First, children need to be safe. When they are in our care, we have got to promise that we will do all that we can to ensure that no harm will come to them as a result of our negligence, passivity, or failure to create adequate supervision and protection. More than that, however, it means that we will do what we can to ensure that the children whom the church is willing to baptize are children who are fed, and bathed, and clothed, and housed with some dignity. It means that we will work as citizens of this community, this nation, and this world to see that justice is not merely a concept to which we pay lip service, but a reality in the lives of the children in this room, in this neighborhood, and indeed around the world.
In the context of that safety, it will one day become appropriate for us to make sure that these children are stretched. One of the most important thing that a spiritual friend or adult guide can say to a young learner is, “OK, now you do it.” Whether it’s running the power saw on a mission trip, learning to drive stick shift, praying out loud with a friend, or leading a devotion for the group, we let our children down if we continue to do everything for them, or if we expect that they will be interested in doing everything exactly the same way that we have done.
When children are safe and have been stretched, then we begin to think about the day when we will teach them to see themselves as sent. I do not mean to suggest that everyone will be called to a different geography, but it is important to understand, and to help them understand, that every time we get up from these pews and cross that threshold, we are being sent into the world that Christ is redeeming. The Church of Jesus Christ is not a voluntary assembly of those who are content to wander from fashion to scandal to amusement, but rather we are a company of saints who are invited to participate in the ongoing mission of God in Christ in the world.
If you’ve been around church very long, you know that there are a lot of programs designed to keep kids safe, to challenge them to be stretched, and to encourage them to think of themselves as sent. Some are produced out by insurance companies, others by curriculum publishers, and still others by great missional enterprises.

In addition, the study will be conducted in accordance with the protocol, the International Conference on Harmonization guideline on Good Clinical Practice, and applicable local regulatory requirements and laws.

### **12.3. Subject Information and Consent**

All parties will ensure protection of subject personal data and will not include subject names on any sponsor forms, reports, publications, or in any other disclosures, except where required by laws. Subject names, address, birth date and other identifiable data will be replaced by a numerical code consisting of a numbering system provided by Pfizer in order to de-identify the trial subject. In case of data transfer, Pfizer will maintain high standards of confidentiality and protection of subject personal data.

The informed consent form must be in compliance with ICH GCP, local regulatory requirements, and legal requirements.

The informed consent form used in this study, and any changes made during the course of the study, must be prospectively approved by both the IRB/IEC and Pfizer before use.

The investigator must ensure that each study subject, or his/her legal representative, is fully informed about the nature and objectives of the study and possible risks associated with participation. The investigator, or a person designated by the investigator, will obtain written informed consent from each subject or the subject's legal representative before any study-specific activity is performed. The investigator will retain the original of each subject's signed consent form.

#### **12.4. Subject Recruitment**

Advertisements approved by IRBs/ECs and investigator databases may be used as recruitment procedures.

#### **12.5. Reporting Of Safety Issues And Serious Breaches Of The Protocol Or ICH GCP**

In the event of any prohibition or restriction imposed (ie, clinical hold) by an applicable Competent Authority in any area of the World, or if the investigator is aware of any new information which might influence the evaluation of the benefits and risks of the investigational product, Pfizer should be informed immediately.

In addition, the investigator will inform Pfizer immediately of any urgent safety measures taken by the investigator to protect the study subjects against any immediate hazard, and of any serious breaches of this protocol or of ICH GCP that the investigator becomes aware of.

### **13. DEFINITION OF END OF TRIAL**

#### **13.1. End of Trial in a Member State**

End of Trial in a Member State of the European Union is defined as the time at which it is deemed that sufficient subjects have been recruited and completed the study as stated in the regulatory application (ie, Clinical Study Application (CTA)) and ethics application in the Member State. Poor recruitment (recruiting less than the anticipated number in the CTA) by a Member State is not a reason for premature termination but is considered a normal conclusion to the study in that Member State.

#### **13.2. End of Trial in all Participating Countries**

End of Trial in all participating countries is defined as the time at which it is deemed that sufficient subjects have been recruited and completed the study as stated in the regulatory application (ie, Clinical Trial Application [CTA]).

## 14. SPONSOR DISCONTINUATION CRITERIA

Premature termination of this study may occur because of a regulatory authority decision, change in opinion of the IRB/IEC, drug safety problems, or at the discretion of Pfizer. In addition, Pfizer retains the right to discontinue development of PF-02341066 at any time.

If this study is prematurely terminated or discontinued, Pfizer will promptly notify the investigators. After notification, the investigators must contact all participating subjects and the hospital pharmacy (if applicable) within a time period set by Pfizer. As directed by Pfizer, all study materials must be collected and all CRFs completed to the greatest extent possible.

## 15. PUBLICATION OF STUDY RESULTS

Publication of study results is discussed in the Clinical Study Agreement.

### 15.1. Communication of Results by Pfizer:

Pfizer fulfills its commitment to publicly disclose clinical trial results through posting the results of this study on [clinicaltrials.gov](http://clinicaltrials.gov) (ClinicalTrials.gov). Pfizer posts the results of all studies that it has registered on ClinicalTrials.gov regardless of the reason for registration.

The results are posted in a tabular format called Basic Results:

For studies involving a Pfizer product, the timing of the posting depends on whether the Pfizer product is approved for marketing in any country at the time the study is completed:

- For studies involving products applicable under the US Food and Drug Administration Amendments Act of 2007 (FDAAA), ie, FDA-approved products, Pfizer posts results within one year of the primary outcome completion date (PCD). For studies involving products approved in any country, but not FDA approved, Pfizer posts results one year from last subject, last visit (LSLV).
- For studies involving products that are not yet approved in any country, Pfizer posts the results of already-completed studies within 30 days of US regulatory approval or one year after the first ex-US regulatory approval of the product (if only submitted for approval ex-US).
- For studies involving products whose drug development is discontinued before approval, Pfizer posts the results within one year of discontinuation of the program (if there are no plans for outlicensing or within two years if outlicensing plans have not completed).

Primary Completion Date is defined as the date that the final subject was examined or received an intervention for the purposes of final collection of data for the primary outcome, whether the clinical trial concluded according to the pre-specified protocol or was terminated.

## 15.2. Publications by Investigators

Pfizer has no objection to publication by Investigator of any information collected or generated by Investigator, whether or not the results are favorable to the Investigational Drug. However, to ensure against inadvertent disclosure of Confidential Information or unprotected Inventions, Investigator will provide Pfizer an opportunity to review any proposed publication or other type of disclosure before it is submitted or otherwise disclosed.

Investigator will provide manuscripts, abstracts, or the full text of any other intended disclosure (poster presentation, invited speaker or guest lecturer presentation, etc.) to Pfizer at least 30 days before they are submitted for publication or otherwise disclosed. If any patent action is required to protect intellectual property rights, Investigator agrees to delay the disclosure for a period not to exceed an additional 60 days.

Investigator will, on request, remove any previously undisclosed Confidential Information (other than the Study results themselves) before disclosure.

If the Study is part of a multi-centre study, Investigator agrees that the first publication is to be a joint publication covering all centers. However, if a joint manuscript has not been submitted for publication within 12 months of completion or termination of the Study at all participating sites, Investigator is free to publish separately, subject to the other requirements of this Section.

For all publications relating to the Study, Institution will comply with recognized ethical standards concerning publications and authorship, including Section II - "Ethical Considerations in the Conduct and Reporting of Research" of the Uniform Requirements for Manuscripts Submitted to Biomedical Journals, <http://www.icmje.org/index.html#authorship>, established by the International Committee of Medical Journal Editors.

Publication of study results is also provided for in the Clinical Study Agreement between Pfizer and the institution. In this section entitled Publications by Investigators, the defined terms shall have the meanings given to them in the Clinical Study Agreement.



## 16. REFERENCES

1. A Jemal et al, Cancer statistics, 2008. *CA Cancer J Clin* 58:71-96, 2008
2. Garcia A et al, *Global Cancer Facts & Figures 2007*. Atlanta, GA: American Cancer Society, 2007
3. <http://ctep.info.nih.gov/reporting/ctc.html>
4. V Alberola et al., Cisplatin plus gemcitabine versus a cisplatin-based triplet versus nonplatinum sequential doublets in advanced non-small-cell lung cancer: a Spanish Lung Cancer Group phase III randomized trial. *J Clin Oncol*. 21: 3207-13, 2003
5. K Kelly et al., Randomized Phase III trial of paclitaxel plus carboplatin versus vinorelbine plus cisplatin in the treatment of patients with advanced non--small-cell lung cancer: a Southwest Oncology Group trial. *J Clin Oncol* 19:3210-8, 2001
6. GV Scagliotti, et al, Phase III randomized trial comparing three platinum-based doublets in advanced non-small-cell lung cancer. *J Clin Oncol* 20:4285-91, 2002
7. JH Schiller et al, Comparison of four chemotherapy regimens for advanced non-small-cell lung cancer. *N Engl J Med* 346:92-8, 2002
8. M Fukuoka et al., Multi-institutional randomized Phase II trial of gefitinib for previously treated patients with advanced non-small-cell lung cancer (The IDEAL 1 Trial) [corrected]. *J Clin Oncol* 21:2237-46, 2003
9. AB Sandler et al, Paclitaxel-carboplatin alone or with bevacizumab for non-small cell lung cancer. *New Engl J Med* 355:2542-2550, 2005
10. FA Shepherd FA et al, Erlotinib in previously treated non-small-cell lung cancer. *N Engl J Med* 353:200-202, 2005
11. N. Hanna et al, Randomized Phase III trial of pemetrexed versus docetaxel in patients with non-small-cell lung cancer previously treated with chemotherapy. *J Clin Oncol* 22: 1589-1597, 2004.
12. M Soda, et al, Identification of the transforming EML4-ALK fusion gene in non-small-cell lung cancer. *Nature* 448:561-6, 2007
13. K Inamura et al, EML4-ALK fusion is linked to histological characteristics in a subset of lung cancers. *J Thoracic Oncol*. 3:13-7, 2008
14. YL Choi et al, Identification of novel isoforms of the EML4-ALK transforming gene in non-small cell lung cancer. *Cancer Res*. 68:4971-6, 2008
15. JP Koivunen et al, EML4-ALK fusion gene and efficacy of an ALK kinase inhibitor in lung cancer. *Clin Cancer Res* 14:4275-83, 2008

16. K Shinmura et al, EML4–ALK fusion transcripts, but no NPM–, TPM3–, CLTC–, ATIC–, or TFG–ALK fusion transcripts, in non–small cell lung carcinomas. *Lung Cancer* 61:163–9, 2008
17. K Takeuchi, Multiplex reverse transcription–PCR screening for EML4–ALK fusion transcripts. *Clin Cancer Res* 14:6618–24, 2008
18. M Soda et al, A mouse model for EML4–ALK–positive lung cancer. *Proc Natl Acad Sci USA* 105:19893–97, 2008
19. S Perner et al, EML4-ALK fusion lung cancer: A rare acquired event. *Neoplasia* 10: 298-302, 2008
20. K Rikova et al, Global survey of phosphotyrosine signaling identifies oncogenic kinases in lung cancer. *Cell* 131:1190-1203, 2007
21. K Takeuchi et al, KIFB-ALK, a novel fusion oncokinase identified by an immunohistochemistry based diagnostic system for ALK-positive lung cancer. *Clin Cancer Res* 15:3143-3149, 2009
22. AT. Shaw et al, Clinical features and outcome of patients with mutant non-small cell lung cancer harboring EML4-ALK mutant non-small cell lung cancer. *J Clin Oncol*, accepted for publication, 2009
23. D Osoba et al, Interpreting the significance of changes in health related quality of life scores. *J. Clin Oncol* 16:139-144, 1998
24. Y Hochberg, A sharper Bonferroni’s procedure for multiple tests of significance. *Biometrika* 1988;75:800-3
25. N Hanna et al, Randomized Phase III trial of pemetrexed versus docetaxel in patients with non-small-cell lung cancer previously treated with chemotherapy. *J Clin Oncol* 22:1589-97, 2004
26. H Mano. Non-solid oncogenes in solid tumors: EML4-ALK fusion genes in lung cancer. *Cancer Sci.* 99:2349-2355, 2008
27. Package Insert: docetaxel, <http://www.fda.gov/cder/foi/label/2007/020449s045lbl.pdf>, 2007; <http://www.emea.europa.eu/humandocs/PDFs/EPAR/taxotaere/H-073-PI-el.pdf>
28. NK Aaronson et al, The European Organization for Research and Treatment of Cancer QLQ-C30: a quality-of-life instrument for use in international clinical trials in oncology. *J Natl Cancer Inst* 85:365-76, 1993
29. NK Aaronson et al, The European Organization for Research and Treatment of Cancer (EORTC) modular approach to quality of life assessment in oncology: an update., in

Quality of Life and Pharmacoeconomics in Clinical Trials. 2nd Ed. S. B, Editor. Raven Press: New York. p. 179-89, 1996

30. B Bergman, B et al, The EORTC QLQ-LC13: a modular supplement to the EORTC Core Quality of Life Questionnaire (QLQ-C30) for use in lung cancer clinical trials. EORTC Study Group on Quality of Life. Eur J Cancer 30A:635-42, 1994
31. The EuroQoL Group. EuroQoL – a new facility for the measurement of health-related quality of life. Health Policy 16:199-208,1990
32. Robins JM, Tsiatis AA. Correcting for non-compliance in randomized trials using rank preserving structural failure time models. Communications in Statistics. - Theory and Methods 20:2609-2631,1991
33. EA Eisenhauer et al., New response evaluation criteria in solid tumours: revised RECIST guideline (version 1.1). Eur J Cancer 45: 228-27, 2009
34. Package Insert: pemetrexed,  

But none of those programs means a rat’s patootie unless the safety, stretching, and sending of our children is anchored in relationships with real-life Elis and Pauls and mentors and role models who will help them to hear when God is speaking and to understand what that means.
Earlier this week, the morning news featured a story describing a ravine that has opened up along the Delaware River in New Jersey. Apparently, a storm sewer drain beneath this property has been leaking for years, weakening the hillside until this week’s collapse. It sure looked like a sudden event, but it has been happening for years.
Across the country, there’s a little stream called the Colorado River. It’s been so dammed up and diverted for other purposes that it doesn’t even reach the ocean any more, but over the years, that water opened a stretch of the planet that we know as the Grand Canyon. In contrast to the sinkhole in New Jersey, the Canyon has been very visibly developing, very gradually for thousands of years. The same thing has happened in both New Jersey and in Arizona – water has eaten away at soil and rock and left a hole. It has happened in different ways, but it has happened.
In the same way, sometimes the call from God is experienced in a sudden and dramatic fashion, and other times it seems to be the result of an ongoing process. The root cause in either case is the same – we respond to the grace of God that is always at work in our lives and in the lives of those we love – even when it is not always easily apprehensible. We can’t control that call – how, or where, or when it comes. But we can promise to our children, ourselves, and each other that we will do all we can to teach our young people a thirst for the Holy so that when the call is heard, they will be in a position to respond to it to the glory of God and for the benefit of their neighbors. Thanks be to God! Amen.